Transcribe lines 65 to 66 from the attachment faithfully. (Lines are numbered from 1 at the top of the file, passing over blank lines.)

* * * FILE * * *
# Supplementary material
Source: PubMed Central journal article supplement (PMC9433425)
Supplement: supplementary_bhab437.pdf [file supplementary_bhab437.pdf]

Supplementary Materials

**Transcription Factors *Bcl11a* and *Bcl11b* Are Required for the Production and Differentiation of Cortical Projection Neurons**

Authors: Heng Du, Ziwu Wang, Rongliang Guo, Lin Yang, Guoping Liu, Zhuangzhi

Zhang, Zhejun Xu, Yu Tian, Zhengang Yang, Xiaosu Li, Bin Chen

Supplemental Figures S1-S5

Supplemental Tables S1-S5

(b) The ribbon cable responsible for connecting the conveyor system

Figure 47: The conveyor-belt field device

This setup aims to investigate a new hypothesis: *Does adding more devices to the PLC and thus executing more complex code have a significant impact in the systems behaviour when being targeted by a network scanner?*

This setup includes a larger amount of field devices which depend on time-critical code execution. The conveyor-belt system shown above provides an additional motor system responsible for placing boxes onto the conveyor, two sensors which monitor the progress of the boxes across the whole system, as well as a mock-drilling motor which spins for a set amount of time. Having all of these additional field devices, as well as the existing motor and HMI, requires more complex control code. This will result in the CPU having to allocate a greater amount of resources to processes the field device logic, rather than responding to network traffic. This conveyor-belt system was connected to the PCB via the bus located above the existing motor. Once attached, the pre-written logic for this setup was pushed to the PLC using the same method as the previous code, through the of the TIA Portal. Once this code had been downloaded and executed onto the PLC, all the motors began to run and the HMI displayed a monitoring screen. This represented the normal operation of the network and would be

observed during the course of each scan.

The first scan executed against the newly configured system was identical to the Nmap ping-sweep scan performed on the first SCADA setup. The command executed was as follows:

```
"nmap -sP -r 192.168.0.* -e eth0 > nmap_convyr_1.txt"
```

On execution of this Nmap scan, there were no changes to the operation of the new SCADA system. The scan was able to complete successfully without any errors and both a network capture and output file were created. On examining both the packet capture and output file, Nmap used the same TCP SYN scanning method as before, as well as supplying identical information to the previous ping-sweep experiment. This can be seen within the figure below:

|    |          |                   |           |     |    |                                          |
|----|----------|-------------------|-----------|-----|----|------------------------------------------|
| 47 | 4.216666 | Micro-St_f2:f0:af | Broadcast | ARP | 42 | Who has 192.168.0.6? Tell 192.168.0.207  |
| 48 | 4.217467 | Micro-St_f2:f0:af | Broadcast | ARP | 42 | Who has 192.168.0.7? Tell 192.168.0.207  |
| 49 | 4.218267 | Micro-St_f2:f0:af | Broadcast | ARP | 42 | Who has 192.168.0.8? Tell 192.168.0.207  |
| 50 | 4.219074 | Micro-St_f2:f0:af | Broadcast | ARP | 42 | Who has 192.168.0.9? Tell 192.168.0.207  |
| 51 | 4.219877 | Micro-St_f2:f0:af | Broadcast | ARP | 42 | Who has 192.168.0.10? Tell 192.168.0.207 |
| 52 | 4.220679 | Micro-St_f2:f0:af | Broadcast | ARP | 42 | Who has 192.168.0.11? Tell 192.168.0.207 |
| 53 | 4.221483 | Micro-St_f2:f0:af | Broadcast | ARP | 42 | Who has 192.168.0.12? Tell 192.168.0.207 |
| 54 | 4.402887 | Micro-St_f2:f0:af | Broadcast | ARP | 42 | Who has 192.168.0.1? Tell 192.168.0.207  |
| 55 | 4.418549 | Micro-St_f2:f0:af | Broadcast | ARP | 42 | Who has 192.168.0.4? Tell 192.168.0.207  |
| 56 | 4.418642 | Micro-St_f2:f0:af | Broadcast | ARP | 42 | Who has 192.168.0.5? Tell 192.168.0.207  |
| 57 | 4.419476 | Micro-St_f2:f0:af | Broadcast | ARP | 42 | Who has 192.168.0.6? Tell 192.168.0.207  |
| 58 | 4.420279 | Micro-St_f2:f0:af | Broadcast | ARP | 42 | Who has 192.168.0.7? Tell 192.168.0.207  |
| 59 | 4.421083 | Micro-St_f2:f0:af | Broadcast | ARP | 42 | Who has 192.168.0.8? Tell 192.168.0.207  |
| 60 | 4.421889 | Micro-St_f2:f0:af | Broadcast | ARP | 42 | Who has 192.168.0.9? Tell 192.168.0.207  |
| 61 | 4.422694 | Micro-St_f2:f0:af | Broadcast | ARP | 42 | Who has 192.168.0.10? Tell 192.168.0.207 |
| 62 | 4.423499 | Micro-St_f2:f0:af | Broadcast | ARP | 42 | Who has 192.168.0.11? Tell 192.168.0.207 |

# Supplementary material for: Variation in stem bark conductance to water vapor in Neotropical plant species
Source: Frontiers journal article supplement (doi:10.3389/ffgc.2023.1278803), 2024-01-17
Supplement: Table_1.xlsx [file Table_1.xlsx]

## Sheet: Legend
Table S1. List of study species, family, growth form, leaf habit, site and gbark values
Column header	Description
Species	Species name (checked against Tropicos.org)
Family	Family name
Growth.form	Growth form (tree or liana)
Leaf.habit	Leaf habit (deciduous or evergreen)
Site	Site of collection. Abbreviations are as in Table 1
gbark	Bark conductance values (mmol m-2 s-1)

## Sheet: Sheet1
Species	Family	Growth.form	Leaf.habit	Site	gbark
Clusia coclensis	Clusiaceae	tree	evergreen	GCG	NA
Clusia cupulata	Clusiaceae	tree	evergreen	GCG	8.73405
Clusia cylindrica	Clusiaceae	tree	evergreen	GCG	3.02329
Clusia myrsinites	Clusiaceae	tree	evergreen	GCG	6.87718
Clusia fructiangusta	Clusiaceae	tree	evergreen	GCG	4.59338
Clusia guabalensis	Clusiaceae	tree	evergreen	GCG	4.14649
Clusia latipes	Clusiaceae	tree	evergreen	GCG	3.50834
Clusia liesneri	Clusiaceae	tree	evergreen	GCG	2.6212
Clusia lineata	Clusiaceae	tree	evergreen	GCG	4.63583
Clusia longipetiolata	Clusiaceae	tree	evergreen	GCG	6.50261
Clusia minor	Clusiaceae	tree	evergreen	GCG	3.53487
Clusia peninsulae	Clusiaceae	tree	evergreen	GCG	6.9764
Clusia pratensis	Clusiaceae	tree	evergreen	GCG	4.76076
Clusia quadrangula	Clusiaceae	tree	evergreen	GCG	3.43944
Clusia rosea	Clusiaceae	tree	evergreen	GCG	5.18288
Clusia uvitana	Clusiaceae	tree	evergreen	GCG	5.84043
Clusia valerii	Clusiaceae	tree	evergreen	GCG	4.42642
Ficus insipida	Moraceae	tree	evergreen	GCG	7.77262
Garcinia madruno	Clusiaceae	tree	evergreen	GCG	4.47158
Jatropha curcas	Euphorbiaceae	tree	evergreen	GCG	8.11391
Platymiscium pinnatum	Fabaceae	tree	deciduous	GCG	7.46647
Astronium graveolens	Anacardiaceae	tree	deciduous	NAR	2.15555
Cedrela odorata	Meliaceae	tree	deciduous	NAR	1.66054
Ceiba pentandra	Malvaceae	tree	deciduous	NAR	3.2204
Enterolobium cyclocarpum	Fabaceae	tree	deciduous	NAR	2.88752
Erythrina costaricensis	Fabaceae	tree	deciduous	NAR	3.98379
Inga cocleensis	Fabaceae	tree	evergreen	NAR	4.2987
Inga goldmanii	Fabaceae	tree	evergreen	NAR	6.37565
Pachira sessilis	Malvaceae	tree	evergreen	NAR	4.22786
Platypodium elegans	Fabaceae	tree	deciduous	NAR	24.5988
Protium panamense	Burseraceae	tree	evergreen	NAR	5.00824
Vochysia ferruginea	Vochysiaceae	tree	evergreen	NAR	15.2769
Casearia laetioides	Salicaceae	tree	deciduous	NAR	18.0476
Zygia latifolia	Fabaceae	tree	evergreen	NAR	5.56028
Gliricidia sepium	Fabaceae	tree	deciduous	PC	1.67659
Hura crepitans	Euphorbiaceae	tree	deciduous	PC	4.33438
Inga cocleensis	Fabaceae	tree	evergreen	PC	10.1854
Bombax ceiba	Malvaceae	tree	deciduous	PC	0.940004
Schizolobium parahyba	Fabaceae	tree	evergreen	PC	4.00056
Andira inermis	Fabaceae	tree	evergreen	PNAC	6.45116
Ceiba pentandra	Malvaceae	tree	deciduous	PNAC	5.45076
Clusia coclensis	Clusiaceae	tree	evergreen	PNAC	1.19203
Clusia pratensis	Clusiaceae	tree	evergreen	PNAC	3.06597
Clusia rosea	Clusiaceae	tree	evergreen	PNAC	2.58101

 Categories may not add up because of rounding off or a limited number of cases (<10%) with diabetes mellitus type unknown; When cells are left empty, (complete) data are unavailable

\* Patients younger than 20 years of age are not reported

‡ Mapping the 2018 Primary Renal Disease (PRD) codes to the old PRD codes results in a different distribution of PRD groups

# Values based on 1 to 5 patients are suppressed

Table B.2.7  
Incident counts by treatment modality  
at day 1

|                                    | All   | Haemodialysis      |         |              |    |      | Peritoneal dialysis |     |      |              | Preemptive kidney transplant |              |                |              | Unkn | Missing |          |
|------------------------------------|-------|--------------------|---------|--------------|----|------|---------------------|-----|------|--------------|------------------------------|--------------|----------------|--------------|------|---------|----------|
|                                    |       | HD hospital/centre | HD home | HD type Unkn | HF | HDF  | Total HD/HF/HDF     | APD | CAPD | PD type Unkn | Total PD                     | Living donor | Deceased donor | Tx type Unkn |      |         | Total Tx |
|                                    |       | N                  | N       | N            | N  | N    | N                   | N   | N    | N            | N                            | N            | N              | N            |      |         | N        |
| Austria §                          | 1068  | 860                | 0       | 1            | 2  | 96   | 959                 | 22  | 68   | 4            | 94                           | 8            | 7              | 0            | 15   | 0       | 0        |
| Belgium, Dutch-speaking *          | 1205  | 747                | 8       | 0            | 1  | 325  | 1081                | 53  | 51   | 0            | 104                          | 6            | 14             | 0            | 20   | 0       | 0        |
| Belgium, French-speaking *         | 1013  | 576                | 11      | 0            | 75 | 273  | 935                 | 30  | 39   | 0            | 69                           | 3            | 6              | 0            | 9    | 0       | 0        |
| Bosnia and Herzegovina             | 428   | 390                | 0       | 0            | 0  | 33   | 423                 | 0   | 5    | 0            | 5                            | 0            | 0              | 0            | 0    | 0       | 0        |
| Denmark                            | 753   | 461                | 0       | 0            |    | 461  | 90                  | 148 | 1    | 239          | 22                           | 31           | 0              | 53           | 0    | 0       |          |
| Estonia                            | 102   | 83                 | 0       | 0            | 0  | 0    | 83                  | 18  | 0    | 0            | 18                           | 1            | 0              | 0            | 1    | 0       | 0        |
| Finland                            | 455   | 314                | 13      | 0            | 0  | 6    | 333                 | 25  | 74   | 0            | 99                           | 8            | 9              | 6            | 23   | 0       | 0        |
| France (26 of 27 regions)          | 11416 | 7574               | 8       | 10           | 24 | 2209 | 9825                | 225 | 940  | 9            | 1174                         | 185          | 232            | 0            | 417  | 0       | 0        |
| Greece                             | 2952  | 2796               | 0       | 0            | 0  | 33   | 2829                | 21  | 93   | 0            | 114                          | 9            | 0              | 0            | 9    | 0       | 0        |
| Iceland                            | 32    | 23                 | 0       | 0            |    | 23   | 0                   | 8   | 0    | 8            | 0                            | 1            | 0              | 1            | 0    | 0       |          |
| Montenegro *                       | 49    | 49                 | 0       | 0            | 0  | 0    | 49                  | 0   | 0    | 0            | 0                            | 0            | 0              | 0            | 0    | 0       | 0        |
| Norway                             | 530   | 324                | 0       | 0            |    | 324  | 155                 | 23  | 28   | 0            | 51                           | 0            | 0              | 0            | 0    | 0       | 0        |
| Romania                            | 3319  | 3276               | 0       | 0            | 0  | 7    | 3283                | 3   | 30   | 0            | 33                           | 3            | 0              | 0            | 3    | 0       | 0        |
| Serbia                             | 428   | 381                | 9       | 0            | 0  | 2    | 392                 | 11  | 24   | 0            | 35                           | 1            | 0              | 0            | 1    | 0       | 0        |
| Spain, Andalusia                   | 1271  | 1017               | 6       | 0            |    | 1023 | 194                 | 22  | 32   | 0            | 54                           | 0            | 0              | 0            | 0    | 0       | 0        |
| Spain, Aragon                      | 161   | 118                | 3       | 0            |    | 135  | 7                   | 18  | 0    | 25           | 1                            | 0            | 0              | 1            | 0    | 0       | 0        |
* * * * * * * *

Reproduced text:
Clusia quadrangula	Clusiaceae	tree	evergreen	GCG	3.43944
Clusia rosea	Clusiaceae	tree	evergreen	GCG	5.18288